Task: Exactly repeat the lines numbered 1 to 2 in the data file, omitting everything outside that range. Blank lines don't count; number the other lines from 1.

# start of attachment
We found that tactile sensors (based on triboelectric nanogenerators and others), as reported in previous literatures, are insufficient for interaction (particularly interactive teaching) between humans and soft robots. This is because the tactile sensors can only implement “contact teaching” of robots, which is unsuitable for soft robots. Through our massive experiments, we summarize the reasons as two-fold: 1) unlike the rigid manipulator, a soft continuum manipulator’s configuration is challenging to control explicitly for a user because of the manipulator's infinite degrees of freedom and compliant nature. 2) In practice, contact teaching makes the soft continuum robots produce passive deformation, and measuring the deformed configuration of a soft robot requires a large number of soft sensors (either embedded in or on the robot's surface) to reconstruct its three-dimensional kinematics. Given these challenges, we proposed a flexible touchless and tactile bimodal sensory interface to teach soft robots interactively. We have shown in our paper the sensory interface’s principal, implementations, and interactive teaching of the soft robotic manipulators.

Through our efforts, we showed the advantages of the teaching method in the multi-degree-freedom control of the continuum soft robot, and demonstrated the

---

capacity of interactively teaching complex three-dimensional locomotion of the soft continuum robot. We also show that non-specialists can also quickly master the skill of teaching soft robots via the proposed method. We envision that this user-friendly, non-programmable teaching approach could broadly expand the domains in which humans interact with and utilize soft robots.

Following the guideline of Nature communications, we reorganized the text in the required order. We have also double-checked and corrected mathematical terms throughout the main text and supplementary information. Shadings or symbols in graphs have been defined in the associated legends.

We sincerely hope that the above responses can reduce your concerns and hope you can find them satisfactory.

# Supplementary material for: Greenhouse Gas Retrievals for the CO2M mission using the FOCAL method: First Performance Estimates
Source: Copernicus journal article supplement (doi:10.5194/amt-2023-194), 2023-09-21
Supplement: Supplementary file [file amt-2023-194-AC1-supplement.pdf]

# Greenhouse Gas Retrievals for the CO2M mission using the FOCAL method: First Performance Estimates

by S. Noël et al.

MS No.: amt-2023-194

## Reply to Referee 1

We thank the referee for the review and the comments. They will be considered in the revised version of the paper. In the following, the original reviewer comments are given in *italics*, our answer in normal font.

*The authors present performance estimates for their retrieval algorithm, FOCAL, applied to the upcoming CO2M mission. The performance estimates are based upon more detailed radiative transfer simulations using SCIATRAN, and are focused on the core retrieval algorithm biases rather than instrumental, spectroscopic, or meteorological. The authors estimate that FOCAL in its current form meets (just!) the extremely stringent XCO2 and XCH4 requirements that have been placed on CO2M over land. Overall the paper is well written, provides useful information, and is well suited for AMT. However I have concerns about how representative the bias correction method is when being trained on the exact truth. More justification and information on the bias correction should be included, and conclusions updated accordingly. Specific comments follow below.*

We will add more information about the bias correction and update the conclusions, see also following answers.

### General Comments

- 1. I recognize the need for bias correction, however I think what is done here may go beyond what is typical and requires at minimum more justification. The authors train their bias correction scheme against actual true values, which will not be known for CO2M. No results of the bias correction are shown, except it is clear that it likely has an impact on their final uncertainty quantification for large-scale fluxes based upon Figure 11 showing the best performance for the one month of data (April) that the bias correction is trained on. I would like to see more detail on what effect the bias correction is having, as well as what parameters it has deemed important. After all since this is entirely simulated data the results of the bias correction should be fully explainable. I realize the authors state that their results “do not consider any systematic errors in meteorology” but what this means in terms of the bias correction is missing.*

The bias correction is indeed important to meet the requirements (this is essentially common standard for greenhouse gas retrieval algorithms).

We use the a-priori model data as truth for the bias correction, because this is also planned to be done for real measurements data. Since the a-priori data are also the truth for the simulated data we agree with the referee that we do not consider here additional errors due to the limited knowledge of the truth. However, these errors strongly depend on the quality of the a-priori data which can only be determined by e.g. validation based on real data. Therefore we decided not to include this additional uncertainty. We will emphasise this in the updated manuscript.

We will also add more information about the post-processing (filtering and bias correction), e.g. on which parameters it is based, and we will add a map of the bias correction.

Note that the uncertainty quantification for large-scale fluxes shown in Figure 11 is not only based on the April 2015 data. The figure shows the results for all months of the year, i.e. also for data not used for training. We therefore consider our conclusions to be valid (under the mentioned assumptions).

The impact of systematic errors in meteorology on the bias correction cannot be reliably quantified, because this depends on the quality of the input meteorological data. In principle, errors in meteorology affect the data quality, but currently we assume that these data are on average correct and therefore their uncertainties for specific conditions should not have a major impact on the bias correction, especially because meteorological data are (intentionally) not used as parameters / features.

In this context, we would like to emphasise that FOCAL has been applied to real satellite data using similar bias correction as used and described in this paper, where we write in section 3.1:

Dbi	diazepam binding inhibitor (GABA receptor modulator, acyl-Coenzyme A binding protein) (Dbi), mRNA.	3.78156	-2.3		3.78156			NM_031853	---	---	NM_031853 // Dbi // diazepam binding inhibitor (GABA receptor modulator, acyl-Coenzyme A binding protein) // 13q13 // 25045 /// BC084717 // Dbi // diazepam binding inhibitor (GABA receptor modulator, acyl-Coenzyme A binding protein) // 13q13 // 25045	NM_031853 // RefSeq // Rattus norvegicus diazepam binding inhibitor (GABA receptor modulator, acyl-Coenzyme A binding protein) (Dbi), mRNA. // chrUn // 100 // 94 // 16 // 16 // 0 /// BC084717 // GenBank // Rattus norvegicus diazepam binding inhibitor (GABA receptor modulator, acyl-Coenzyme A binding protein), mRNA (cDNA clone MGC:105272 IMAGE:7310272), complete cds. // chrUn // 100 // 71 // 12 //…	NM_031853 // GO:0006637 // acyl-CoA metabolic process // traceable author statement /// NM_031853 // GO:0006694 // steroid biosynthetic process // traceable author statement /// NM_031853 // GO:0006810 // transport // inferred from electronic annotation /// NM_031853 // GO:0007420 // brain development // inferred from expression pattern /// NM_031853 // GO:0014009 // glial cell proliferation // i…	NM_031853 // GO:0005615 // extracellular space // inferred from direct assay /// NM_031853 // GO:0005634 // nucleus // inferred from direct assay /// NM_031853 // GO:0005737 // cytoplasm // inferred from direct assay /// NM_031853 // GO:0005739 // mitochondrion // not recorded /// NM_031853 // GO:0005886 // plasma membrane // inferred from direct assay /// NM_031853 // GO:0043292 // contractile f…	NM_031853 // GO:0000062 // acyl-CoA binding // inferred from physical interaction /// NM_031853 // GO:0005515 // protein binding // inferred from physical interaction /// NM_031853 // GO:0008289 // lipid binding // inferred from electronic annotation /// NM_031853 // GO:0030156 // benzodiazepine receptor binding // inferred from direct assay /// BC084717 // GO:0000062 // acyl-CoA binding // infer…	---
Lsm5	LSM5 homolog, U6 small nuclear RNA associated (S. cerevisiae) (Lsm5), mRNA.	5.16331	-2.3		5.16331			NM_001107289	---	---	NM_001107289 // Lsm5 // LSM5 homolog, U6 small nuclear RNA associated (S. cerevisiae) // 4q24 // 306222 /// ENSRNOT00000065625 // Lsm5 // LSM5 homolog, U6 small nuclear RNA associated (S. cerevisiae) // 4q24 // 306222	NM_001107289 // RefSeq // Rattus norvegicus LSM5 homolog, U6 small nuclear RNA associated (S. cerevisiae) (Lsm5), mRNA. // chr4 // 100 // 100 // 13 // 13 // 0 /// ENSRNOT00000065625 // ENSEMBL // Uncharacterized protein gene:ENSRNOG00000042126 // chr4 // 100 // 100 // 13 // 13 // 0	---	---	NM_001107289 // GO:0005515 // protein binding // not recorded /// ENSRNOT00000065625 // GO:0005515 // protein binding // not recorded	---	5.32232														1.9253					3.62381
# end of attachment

We found that tactile sensors (based on triboelectric nanogenerators and others), as reported in previous literatures, are insufficient for interaction (particularly interactive teaching) between humans and soft robots. This is because the tactile sensors can only implement “contact teaching” of robots, which is unsuitable for soft robots. Through our massive experiments, we summarize the reasons as two-fold: 1) unlike the rigid manipulator, a soft continuum manipulator’s configuration is challenging to control explicitly for a user because of the manipulator's infinite degrees of freedom and compliant nature. 2) In practice, contact teaching makes the soft continuum robots produce passive deformation, and measuring the deformed configuration of a soft robot requires a large number of soft sensors (either embedded in or on the robot's surface) to reconstruct its three-dimensional kinematics. Given these challenges, we proposed a flexible touchless and tactile bimodal sensory interface to teach soft robots interactively. We have shown in our paper the sensory interface’s principal, implementations, and interactive teaching of the soft robotic manipulators.

Through our efforts, we showed the advantages of the teaching method in the multi-degree-freedom control of the continuum soft robot, and demonstrated the